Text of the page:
Plato’s early dialogue, The Laches, hasn’t had a very good press, and it’s easy to see why. Its attempt to define ‘courage’ never really gets off the ground, and the dialogue ends in aporia – a drifting off into silence – with the issues unresolved. However it is useful in that it points up the difficulty in pinning down what we mean by courage (or any other of the great, noble and vague concepts of our language). All the definitions we reach for seem either to be excessively restrictive, or unnecessarily permissive, gathering in too few or too many of those moments of resolve or recklessness that we recognize as instances of bravery.
Casting around, one finds two competing paradigms of courage. The old-school definition makes courage synonymous with fearlessness. The hero, as generally conceived, seems to have this quality – the lightness in the face of danger, a certain swagger. Our hero, from Galahad to Captain Scott and on to Luke Skywalker, might be permitted to smile regretfully at the lost future as he confronts his (usually his, of course) nemesis, but never will his soul quake.
Coming up on the rails is a contrary view – that true courage, in fact, precisely involves the overcoming of fear. The soul must quake before resolution stiffens it. This view may be less heroic, but it adds a psychological realism, for who has not achieved at least the first part of this definition of courage?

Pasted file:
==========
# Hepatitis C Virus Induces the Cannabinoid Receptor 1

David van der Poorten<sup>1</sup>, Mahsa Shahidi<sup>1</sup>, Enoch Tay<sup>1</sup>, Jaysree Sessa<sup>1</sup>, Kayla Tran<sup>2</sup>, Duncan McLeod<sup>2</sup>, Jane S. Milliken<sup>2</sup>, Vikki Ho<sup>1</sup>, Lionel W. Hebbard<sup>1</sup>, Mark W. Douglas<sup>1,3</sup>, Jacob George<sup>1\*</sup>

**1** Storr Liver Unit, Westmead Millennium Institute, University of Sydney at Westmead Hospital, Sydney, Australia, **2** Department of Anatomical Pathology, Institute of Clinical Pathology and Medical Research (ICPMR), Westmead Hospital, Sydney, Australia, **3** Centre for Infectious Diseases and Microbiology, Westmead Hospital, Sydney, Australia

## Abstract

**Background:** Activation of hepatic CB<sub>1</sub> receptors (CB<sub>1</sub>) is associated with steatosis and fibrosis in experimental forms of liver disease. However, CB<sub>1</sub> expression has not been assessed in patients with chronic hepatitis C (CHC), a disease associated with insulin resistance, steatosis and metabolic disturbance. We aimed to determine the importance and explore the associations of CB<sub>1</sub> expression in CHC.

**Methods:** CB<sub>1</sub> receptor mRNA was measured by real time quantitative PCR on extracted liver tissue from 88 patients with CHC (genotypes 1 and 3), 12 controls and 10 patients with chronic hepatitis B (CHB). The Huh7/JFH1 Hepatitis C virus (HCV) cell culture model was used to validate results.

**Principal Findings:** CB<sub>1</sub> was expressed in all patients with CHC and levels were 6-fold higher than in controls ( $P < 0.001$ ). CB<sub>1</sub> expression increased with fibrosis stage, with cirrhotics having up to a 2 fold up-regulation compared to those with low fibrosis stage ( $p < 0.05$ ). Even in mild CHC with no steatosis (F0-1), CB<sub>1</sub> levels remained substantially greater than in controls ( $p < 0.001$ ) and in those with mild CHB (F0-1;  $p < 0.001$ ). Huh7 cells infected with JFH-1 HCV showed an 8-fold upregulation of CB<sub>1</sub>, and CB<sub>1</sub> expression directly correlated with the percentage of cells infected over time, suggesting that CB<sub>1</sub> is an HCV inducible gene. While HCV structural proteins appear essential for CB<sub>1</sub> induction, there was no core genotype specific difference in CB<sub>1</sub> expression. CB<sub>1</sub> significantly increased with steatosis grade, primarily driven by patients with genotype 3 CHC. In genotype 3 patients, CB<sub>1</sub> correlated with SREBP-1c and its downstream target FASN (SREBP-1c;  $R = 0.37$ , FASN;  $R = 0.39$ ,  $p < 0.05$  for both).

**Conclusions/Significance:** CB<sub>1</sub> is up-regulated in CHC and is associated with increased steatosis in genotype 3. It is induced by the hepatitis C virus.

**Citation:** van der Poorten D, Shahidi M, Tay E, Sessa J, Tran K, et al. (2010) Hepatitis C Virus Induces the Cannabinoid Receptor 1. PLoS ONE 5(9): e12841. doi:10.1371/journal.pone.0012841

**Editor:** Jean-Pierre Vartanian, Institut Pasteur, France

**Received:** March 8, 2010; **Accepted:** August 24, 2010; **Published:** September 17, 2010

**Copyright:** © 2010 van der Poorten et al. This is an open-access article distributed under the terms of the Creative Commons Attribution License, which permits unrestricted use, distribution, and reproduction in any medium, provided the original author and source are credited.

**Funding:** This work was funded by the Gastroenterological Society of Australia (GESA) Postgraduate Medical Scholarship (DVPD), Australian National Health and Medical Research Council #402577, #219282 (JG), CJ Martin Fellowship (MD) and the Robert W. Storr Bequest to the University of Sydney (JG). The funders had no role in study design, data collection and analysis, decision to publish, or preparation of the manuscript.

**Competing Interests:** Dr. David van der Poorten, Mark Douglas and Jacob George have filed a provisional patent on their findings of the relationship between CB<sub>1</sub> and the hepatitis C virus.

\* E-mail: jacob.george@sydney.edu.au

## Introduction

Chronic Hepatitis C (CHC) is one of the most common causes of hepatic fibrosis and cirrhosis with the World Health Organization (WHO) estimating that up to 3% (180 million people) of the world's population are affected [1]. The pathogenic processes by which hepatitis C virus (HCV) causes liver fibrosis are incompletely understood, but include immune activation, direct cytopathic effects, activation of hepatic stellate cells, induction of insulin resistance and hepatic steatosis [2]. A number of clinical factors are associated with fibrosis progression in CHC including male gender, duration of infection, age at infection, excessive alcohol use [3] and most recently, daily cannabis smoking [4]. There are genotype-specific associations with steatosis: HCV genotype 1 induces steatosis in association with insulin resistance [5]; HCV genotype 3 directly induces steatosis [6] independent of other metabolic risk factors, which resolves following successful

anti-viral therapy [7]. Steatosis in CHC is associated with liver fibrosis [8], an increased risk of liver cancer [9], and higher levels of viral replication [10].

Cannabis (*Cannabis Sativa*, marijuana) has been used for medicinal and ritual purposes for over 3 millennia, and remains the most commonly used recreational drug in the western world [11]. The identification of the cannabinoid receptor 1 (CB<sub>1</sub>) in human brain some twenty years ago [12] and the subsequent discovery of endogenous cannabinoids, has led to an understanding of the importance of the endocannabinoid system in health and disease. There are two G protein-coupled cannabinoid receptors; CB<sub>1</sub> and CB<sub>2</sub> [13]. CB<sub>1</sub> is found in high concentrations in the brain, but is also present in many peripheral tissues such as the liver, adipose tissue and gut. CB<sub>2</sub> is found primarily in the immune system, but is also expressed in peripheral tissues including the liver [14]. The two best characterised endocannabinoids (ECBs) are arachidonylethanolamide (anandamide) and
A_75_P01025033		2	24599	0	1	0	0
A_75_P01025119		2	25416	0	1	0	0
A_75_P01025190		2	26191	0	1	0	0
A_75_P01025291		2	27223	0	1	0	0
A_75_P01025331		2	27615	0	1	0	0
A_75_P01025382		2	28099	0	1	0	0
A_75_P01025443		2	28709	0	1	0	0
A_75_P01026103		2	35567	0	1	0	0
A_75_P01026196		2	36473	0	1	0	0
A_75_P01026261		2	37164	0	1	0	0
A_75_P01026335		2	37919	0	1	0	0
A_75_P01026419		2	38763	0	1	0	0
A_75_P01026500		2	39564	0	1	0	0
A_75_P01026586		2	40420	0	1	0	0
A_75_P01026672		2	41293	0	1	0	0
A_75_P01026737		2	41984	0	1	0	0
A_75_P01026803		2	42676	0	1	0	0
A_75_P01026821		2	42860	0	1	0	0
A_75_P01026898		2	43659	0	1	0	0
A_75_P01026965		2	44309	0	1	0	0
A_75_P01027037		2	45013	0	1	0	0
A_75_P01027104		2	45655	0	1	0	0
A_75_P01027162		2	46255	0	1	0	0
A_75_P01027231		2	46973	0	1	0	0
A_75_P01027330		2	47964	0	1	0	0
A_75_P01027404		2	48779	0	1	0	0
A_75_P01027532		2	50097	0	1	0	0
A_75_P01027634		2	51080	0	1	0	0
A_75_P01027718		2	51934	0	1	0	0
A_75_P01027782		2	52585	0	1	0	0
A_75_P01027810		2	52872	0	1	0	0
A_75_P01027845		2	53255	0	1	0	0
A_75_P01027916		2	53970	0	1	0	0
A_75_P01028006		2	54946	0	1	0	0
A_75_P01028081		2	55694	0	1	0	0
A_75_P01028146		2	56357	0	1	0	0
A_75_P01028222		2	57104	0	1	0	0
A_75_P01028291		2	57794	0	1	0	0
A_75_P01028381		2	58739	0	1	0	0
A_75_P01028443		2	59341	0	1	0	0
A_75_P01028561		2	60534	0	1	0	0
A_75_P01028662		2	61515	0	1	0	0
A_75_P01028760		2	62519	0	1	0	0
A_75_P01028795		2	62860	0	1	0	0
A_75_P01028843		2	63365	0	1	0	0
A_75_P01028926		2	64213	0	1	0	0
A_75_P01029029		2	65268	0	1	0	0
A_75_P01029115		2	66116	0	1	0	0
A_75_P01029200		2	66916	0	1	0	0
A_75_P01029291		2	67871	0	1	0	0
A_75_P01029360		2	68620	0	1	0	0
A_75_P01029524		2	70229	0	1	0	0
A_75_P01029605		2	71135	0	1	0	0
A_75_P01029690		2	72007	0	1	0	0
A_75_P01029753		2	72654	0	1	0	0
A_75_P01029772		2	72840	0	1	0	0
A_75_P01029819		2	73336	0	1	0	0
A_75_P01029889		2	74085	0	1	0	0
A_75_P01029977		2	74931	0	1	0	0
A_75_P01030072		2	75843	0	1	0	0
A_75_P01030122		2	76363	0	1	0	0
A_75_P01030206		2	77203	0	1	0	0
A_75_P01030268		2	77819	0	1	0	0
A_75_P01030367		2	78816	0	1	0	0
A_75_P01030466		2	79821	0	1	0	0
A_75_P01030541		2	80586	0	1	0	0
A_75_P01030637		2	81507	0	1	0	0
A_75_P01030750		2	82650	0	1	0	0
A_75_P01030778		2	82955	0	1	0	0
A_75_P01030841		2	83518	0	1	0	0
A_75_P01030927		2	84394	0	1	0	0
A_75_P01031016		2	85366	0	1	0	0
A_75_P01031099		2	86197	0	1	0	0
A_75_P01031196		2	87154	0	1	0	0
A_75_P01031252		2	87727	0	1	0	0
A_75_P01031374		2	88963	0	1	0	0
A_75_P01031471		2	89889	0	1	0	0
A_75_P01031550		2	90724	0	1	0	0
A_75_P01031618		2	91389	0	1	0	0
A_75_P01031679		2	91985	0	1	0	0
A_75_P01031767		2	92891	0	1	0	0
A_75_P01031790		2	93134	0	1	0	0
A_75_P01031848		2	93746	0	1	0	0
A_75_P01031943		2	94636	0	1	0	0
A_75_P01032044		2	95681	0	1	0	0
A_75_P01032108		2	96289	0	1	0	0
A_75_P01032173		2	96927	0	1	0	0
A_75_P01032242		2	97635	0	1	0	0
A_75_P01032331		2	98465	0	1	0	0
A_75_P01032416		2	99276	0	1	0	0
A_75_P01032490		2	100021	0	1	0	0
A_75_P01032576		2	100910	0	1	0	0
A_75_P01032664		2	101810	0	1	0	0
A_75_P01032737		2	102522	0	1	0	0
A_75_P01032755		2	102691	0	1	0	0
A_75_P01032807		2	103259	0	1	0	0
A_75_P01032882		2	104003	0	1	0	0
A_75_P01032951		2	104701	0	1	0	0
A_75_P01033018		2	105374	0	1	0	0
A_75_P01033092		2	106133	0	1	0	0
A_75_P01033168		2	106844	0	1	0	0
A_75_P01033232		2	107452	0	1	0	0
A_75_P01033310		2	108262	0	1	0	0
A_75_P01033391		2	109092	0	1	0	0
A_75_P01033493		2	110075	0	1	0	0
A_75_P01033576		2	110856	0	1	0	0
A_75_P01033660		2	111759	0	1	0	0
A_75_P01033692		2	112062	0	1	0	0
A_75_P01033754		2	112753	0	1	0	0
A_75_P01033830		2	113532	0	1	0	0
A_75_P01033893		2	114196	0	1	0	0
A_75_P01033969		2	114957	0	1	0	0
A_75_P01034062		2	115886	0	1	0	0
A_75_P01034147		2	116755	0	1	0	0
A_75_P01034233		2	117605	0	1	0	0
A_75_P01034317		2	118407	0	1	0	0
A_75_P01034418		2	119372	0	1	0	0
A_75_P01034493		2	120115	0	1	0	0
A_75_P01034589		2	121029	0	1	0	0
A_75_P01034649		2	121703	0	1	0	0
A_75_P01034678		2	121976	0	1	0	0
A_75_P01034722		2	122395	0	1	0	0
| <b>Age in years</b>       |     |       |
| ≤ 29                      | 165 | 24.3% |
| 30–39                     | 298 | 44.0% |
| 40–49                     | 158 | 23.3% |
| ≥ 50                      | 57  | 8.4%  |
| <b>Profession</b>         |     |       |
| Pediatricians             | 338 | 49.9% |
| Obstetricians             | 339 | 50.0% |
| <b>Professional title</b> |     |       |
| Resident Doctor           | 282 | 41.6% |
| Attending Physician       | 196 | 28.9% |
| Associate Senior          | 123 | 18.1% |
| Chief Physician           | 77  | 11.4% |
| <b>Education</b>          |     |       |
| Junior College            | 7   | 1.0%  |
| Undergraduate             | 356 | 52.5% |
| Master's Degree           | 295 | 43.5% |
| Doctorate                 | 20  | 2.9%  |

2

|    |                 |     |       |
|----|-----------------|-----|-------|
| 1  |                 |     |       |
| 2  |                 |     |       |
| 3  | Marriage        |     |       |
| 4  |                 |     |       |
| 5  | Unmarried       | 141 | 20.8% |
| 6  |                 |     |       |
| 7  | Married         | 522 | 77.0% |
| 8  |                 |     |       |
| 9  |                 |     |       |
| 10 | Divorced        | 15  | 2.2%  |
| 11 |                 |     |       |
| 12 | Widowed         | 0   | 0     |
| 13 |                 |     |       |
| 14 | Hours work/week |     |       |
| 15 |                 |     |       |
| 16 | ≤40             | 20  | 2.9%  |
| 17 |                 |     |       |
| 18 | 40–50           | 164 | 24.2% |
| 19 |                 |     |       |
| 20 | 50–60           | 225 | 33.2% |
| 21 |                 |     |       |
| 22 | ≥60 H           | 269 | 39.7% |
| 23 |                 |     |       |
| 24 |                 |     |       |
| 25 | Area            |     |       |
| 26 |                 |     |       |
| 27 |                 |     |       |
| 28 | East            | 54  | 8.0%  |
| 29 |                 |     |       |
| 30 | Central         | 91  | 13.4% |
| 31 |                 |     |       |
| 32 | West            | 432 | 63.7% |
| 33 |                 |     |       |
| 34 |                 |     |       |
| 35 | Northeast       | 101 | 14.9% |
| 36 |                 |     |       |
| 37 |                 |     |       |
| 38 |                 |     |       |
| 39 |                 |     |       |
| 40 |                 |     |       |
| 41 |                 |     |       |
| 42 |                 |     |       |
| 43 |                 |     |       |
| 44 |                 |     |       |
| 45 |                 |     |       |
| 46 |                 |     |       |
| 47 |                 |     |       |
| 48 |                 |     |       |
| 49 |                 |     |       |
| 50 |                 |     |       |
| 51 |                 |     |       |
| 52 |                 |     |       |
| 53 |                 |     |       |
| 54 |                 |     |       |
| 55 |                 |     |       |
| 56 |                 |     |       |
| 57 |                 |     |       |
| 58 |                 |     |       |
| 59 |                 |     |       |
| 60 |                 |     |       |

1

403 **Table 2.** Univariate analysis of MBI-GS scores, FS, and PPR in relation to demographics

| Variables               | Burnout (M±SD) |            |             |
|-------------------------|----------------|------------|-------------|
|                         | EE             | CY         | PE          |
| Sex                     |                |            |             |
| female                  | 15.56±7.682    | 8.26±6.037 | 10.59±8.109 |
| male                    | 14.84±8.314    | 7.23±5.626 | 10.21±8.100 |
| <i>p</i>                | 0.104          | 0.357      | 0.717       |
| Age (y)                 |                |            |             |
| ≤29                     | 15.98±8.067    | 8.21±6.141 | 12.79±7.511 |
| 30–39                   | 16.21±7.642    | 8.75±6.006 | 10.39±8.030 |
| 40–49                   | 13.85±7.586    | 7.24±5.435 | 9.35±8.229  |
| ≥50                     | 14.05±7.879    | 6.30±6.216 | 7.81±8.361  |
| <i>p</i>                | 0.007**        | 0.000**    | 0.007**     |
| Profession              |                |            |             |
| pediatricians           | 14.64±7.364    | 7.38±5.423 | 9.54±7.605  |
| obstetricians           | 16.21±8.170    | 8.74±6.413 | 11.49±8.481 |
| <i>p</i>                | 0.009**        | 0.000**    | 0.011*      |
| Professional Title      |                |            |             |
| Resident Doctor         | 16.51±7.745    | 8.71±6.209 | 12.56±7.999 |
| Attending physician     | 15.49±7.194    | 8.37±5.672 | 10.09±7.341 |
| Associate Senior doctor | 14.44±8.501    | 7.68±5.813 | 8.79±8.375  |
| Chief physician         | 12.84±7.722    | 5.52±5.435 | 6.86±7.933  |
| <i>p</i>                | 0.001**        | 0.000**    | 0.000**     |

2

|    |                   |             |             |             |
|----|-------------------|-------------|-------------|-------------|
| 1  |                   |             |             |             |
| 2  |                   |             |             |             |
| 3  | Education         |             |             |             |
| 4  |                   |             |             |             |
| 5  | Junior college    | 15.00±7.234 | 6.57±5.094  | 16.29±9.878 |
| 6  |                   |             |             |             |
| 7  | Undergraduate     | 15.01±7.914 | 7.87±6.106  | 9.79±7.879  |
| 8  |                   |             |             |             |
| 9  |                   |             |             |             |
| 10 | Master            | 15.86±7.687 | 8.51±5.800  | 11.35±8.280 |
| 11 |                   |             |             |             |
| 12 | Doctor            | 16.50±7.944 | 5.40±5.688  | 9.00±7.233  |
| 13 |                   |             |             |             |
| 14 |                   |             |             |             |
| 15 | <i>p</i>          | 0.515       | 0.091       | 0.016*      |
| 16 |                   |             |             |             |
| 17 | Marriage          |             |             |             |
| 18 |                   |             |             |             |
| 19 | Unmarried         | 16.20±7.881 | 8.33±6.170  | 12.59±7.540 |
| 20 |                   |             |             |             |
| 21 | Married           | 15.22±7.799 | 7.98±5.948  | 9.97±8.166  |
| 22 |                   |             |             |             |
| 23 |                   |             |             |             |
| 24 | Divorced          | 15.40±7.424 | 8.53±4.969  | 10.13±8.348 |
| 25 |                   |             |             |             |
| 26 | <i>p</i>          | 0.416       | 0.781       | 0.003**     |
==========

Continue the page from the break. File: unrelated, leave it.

But the truth is that these remain words, and they struggle to gain purchase on the world of lived experience. So I’ve tried to dig down in my memory to find examples of courage to add flesh to the wraithlike concept.
In my own life, thoughts on courage tend to settle like dust not on the positive virtue, but on its negative partner. On cowardice. And my cowardice almost invariably takes the same form: a shrinking from social awkwardness, a flight from any situation in which I might be embarrassed or humiliated.
The first real job I ever had was working in a UK tax office. I was straight out of university and, frankly didn’t have a clue. I was lost and hopeless and unhappy. My line manager was a person quite out of my experience. Let’s call her Norma. Clearly once a great beauty, now, approaching retirement, Norma deported herself as if time had made no inroads. In fact she was almost nothing but inroads held together with gloopy makeup and cheap perfume. She would flirt with heavy coquetry, and demanded, irresistibly, a kind of flirtatious homage in response. She was also witty, intelligent, ruthless and to me at least genuinely terrifying. She could see through me, and left me stuttering, blushing, lamely defending myself for my latest error or miscalculation.